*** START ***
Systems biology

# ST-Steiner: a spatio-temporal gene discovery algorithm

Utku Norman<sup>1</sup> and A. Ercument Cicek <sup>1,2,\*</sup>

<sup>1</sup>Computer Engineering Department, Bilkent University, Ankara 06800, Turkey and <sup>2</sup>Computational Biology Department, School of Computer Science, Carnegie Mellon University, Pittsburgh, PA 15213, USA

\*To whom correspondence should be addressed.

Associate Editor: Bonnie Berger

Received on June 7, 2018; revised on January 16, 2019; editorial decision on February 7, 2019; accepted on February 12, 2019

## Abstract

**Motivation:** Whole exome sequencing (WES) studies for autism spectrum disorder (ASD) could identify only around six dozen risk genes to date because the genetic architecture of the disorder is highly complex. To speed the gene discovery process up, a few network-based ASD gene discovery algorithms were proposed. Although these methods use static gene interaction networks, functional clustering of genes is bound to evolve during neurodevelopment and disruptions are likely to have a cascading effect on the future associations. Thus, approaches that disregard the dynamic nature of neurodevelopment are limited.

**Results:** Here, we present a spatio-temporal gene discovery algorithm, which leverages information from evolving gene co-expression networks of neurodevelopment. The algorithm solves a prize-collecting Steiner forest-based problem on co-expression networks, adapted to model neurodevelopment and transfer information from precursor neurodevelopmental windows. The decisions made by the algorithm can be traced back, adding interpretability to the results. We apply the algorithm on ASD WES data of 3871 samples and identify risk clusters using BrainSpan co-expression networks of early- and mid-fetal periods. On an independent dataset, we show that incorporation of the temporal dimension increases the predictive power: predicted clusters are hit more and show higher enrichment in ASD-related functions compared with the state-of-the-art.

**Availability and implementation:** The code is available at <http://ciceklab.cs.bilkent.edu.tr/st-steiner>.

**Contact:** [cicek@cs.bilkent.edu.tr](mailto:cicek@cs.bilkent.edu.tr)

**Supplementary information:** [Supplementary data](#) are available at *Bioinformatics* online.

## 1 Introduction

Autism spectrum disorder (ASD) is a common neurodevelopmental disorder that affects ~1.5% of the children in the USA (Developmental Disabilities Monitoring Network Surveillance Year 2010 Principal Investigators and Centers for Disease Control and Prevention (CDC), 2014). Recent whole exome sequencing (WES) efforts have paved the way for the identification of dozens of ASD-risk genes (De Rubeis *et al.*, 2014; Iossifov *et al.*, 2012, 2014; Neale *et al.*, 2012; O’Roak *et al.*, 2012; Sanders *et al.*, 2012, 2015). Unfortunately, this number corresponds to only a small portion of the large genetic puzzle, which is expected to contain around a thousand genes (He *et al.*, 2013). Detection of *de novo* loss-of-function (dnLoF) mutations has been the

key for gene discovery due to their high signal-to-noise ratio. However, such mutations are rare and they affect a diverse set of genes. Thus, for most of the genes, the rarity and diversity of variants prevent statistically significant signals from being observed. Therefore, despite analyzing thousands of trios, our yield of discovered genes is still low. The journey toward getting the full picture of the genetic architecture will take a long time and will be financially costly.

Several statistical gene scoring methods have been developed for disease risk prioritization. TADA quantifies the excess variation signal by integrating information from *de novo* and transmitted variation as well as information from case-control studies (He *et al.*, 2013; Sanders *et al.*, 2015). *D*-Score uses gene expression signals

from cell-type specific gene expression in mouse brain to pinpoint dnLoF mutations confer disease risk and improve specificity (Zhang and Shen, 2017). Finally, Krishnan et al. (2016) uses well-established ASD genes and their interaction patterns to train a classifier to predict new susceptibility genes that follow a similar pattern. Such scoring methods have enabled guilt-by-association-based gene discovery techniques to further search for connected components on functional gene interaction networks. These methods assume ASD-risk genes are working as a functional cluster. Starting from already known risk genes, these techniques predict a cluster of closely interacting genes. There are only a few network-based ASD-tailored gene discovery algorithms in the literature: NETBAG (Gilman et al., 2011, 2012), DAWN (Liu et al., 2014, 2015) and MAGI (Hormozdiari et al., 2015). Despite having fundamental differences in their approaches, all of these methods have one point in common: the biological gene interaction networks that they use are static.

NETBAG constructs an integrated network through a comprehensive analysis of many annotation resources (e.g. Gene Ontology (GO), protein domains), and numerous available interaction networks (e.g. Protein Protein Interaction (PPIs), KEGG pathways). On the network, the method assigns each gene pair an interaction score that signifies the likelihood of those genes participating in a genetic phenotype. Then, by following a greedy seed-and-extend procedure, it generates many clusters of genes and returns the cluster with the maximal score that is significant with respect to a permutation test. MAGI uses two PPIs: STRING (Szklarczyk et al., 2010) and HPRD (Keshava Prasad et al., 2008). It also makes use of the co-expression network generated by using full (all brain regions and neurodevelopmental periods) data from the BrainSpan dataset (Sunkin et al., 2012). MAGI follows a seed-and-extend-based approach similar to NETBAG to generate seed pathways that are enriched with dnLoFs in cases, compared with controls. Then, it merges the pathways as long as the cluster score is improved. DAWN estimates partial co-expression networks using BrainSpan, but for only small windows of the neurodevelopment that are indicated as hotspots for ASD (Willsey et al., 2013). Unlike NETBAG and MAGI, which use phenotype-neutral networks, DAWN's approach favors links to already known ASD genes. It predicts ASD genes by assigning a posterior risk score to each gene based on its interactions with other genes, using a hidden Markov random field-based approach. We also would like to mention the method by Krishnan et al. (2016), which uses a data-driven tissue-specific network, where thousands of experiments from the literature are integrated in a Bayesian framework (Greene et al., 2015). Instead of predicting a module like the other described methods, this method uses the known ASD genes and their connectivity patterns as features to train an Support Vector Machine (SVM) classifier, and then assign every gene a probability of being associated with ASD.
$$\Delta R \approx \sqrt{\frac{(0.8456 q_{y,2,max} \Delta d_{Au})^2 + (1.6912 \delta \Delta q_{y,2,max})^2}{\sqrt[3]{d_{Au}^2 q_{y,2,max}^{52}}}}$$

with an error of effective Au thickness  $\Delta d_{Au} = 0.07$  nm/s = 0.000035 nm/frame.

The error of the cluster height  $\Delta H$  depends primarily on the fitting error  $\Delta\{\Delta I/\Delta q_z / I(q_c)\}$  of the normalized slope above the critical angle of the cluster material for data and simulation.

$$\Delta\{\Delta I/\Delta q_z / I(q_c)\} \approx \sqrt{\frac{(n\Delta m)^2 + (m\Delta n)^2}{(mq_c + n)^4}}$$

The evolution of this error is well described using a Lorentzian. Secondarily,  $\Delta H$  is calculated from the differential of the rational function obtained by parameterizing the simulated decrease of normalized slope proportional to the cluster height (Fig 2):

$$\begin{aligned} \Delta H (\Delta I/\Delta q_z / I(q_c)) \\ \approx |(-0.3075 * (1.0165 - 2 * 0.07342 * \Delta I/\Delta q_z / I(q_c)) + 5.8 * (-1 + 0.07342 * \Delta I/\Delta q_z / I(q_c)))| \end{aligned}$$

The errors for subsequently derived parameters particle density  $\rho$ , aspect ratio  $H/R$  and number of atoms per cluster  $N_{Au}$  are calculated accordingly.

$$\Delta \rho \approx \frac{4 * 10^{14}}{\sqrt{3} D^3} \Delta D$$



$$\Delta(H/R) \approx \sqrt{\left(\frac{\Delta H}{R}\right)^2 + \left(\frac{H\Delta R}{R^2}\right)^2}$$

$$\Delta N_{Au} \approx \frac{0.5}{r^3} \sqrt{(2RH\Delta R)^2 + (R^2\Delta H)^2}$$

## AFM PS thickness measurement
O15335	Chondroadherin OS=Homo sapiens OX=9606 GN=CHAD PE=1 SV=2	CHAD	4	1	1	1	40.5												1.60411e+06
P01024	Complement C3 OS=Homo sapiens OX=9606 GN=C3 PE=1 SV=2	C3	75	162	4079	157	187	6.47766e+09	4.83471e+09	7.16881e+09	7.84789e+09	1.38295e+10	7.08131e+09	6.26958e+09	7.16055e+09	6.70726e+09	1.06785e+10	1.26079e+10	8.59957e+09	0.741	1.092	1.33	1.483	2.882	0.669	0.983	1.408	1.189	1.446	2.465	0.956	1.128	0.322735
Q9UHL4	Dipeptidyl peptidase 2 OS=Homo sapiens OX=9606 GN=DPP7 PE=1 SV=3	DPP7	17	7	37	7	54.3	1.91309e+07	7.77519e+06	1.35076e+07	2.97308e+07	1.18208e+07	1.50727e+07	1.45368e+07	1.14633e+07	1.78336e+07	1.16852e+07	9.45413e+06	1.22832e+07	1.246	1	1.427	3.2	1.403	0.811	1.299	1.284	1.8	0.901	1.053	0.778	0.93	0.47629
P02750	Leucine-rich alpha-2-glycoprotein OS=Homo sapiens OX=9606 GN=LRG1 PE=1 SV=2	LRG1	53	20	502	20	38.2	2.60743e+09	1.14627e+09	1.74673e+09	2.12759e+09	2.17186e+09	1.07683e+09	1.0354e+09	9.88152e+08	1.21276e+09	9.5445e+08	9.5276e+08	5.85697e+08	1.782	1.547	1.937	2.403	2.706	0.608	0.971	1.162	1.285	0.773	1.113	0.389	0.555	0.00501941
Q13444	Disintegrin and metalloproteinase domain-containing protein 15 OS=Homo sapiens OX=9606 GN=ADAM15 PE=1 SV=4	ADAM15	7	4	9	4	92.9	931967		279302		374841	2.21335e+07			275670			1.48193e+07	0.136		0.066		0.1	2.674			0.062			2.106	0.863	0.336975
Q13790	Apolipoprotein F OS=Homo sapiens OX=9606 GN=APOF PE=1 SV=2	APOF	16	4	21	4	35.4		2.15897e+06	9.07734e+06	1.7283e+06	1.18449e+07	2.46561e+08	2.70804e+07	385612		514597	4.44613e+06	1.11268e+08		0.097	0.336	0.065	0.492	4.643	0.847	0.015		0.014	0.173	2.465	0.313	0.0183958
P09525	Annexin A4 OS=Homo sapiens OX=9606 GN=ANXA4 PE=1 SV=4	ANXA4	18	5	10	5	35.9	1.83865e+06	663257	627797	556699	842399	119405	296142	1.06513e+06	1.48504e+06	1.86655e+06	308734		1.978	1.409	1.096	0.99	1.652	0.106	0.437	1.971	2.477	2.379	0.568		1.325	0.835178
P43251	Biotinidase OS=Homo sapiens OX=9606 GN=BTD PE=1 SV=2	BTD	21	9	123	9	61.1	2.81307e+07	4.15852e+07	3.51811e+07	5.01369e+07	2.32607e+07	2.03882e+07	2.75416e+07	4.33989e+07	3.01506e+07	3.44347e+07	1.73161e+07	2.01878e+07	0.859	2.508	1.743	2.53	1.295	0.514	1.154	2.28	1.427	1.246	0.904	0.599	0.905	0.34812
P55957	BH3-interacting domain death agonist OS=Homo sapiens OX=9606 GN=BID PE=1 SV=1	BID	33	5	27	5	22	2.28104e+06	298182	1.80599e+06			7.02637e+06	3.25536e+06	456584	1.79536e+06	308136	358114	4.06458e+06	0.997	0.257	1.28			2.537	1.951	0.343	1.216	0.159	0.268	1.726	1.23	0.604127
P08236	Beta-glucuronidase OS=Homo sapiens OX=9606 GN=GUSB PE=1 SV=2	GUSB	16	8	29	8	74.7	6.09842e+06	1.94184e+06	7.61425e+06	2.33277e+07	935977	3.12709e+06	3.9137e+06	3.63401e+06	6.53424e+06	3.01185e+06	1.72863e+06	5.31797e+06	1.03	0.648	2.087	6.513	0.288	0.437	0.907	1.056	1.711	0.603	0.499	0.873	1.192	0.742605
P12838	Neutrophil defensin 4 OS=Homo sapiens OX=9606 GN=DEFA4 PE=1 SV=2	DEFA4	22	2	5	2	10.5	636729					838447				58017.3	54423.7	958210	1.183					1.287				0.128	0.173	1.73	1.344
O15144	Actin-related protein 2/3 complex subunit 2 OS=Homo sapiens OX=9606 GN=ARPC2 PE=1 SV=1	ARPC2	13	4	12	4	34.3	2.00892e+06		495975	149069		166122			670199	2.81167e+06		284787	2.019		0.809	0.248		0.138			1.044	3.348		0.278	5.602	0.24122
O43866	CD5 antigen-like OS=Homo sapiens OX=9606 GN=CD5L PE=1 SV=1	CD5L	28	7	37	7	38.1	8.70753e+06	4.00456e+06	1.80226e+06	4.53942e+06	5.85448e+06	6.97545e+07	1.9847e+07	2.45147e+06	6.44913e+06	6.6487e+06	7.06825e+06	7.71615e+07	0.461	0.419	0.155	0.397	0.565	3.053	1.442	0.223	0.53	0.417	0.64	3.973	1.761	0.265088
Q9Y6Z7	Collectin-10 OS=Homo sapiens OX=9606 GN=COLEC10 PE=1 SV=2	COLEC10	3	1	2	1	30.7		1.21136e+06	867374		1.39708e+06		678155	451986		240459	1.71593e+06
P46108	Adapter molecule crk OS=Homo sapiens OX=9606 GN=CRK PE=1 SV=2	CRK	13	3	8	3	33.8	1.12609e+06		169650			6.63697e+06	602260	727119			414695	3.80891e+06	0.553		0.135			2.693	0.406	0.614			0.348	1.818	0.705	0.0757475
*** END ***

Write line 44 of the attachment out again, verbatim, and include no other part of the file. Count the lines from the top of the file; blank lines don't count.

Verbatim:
Q9Y6Z7	Collectin-10 OS=Homo sapiens OX=9606 GN=COLEC10 PE=1 SV=2	COLEC10	3	1	2	1	30.7		1.21136e+06	867374		1.39708e+06		678155	451986		240459	1.71593e+06